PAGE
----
1. Once again, to properly make stuffed vine leaves, one must start by boiling one whole chicken in order to use its broth (see previous recipe for instructions). In the meanwhile, make the stuffing by mixing 750 grams of rice, 3 finely chopped onions, 1 kilogram of minced meat, 1.5 tablespoons of ghee and salt and pepper to taste. 

2. Start placing about one small spoon of filling per vine leaf – make sure you cut the stems off the leaves Place the stuffing in the middle of the leaf and create a thin line, then fold the two sides inside atop the stuffing, followed by rolling the entire leaf into a thin finger-like shape. 

3. Place the stems of the vine leaves at the bottom of a medium sized pot (this is to prevent burning the stuffed vine leaves), then place the stuffed vine leaves on top of each other until the pot is almost full. Gently pour the warm chicken broth on top of the stuffed vine leaves until they are all fully covered. Heat the pot on medium heat. 

4. Add the juice of three small lemons, one tablespoon of ghee and some more salt to taste to the pot. It is best to place a small plate on top of the mountain of stuffed vine leaves in order to have them stay together, and so none of the stuffing comes out. 

5. After about 20 minutes, when the water starts to boil, check to see if the dish is ready by testing out one of the stuffed vine leaves. If the rice is cooked, then the dish is ready; if the rice still feels raw, then leave the dish on medium heat for another 10 minutes or so. If the water has evaporated, simply add some more boiling water to the pot.

6. Once the rice is cooked, the dish is ready and the heat can be turned off. Leave the put to cool and make sure the stuffed vine leaves have taken in all the surrounding liquid. Once slightly cooled, the dish is ready to eat. 

Heartwarming Mahshi Betengan Abyad (Stuffed White Eggplants) 

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Stuffed eggplants are quite popular across various Mediterranean countries; stuffed white eggplants however, are very much associated with Egyptian culinary culture.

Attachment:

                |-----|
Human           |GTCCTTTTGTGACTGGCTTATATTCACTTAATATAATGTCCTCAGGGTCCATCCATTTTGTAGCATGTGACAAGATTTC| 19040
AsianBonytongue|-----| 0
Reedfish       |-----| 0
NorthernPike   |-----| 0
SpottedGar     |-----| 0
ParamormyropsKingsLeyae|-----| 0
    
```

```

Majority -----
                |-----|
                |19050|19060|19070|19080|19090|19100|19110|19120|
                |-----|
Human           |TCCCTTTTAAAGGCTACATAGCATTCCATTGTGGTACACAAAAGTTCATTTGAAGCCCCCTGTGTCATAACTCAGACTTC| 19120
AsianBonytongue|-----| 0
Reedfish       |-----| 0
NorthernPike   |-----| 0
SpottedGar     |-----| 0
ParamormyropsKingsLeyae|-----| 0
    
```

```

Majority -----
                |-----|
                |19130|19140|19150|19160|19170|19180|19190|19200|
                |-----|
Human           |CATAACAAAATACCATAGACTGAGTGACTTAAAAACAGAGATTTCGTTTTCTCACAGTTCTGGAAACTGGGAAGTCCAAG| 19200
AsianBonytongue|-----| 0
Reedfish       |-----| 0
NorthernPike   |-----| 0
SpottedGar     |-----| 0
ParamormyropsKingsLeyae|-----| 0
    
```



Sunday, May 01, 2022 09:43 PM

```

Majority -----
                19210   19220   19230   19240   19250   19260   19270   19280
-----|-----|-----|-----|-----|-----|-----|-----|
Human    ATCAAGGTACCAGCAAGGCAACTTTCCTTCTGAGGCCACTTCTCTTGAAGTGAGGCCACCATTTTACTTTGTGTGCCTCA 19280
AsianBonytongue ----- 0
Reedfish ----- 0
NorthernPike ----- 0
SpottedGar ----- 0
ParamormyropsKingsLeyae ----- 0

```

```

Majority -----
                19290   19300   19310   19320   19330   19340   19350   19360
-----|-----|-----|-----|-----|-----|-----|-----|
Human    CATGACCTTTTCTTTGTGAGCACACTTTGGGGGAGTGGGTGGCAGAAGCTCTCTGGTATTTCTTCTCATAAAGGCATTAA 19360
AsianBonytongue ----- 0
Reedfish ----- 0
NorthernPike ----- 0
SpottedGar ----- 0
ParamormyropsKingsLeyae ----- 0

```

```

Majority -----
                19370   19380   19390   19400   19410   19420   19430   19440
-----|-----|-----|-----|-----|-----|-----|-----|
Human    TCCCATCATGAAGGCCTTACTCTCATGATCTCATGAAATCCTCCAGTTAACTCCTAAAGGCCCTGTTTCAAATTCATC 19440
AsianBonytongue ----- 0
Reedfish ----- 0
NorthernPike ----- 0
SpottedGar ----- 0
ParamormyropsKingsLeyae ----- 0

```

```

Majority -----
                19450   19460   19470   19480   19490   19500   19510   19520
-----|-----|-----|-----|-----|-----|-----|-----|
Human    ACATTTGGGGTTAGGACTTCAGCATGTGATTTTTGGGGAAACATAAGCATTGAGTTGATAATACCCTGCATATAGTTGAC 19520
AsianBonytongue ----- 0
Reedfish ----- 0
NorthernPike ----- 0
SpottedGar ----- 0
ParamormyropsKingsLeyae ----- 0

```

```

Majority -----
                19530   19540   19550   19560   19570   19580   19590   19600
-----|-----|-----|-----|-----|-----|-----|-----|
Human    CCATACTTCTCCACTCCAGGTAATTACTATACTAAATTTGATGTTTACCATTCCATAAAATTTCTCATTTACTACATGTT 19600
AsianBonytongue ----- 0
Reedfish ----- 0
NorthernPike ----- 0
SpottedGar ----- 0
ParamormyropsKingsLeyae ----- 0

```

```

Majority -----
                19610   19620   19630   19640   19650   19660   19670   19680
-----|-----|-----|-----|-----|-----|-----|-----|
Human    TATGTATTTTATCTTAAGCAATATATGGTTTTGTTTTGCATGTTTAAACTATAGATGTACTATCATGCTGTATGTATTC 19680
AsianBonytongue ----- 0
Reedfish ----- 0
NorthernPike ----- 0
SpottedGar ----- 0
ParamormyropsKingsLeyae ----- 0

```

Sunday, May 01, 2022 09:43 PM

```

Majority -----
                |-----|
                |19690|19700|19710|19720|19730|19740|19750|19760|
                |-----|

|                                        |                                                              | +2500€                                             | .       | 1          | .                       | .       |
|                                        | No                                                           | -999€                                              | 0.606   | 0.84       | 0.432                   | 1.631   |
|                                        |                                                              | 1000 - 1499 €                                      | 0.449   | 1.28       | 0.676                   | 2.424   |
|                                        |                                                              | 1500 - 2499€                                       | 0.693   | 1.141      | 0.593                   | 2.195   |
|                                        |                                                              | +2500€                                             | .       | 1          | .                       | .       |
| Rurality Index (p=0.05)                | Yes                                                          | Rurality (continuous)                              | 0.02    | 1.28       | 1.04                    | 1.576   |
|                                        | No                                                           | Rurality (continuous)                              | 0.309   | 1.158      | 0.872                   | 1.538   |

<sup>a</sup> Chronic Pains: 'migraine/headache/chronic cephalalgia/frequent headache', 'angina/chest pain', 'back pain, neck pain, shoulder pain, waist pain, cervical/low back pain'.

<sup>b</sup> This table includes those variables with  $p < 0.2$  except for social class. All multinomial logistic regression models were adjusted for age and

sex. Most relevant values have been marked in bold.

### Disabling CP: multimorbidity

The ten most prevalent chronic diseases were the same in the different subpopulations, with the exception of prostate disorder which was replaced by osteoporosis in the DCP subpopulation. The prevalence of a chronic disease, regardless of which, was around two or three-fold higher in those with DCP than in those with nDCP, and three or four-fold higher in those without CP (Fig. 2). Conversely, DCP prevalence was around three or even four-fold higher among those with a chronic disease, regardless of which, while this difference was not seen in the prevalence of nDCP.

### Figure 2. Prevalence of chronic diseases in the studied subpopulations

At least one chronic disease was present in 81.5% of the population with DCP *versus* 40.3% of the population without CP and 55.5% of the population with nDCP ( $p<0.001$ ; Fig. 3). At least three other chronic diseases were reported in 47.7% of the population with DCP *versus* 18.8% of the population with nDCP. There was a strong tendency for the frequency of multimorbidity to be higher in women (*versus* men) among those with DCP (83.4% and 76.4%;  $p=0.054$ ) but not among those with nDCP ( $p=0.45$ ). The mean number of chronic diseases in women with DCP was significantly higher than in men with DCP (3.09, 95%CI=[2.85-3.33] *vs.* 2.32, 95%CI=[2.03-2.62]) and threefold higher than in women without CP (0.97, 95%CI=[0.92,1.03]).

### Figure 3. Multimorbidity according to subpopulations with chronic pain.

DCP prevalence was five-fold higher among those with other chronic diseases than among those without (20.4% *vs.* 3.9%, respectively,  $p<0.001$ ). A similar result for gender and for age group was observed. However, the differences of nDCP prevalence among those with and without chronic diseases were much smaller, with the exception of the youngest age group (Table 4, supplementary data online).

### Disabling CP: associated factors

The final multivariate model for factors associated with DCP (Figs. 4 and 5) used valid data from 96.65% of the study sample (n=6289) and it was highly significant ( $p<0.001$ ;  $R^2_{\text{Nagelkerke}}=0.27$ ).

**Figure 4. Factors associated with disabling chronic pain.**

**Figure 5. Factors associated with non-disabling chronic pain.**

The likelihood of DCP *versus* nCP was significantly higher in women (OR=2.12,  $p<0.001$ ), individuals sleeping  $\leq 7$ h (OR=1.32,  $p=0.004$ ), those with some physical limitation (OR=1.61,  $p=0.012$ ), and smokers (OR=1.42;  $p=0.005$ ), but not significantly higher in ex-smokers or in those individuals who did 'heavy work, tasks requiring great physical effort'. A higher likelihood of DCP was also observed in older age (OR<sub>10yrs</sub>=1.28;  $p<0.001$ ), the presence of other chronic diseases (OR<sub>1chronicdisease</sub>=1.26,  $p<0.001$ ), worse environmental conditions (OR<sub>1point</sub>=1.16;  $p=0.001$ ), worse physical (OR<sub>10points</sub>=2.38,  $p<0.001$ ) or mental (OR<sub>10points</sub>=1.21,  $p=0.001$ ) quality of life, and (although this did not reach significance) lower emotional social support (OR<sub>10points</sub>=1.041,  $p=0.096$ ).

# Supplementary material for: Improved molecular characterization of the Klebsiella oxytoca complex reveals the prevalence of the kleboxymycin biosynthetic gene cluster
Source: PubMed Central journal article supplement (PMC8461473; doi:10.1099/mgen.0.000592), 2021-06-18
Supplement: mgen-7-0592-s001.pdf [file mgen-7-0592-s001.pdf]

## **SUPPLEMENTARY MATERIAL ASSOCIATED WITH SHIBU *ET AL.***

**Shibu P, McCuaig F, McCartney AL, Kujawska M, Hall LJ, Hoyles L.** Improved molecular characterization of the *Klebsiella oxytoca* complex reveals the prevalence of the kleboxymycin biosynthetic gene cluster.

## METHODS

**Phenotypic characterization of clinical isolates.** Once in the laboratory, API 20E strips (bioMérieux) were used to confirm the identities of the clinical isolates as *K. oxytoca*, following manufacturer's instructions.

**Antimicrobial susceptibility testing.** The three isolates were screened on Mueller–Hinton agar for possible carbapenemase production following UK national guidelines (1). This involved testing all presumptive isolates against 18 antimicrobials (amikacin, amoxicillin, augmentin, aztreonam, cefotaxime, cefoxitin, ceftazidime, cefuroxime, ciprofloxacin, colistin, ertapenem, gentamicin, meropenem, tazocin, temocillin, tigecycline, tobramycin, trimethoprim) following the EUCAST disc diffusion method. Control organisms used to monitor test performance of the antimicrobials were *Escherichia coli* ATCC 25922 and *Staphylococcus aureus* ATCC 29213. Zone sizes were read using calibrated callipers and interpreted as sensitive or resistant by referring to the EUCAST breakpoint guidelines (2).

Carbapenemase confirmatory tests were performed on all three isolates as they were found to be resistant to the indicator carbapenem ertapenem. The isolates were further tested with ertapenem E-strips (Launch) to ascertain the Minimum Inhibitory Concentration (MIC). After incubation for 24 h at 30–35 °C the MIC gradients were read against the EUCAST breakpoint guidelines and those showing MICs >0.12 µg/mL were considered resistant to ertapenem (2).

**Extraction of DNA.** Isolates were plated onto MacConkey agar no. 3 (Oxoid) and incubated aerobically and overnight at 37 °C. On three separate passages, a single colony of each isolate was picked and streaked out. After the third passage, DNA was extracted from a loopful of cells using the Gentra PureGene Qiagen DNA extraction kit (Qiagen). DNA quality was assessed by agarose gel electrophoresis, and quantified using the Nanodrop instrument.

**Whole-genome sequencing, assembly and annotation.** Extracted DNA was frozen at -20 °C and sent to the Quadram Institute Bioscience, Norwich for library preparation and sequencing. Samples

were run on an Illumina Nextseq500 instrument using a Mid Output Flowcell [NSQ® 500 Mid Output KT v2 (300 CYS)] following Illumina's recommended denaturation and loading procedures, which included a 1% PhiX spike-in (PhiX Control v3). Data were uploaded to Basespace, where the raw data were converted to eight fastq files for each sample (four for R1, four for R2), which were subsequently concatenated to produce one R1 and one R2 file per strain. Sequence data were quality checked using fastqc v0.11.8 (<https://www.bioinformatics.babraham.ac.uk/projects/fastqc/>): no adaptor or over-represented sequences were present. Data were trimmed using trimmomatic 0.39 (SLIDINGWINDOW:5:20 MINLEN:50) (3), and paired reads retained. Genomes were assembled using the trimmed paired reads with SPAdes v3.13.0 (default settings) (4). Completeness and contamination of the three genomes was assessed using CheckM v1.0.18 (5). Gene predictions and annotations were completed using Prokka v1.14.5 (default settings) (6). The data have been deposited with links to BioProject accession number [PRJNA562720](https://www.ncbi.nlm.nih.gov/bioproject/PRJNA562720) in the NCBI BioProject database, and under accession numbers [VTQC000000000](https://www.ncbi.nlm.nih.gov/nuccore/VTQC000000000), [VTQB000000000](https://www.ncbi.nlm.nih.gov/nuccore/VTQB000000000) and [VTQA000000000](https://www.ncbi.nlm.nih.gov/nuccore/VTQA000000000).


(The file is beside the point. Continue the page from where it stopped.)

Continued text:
The following recipe is a traditional Egyptian way of making stuffed white eggplants – a dish that is heartwarming, mouthwatering and will always give us a taste of home. This recipe can serve up to five people.

Ingredients for Stuffed Eggplants:

-2 kg white eggplants
-750 gm white rice
-3 onions
-1.5 tbsp ghee
-2 big tomatoes
-1 kg minced meat
-Salt and pepper (to taste)

Ingredients for Sauce:

-1/2 kg fresh tomatoes
-Water (until it fully covers the stuffed eggplants)
-Salt and pepper (to taste)
-2 tbsp ghee


1. Start hollowing out the white eggplants so that they can be stuffed. In the meanwhile, make the stuffing by mixing the rice, with finely diced onions, finely diced tomatoes, the minced meat, 1.5 tablespoons of ghee and salt and pepper to taste. 

2. Start stuffing each of the hollowed out eggplants, and then place them in large pot vertically (stuffing face up). Make a simple tomato sauce by placing half a kilo of tomatoes in a blender. Add the freshly blended tomato sauce to the pot. Turn the stove on medium heat. 

3. Add water to the pot until it fully covers the stuffed eggplants. Add two more tablespoons of ghee and some more salt and pepper to taste. 

4. Bring the pot to a boil – it will take around one hour. Make sure the stuffed eggplants have taken in most of the surrounding liquid, but make sure not to let it get too dry. Turn heat off, then let cool and serve with any remaining tomato sauce.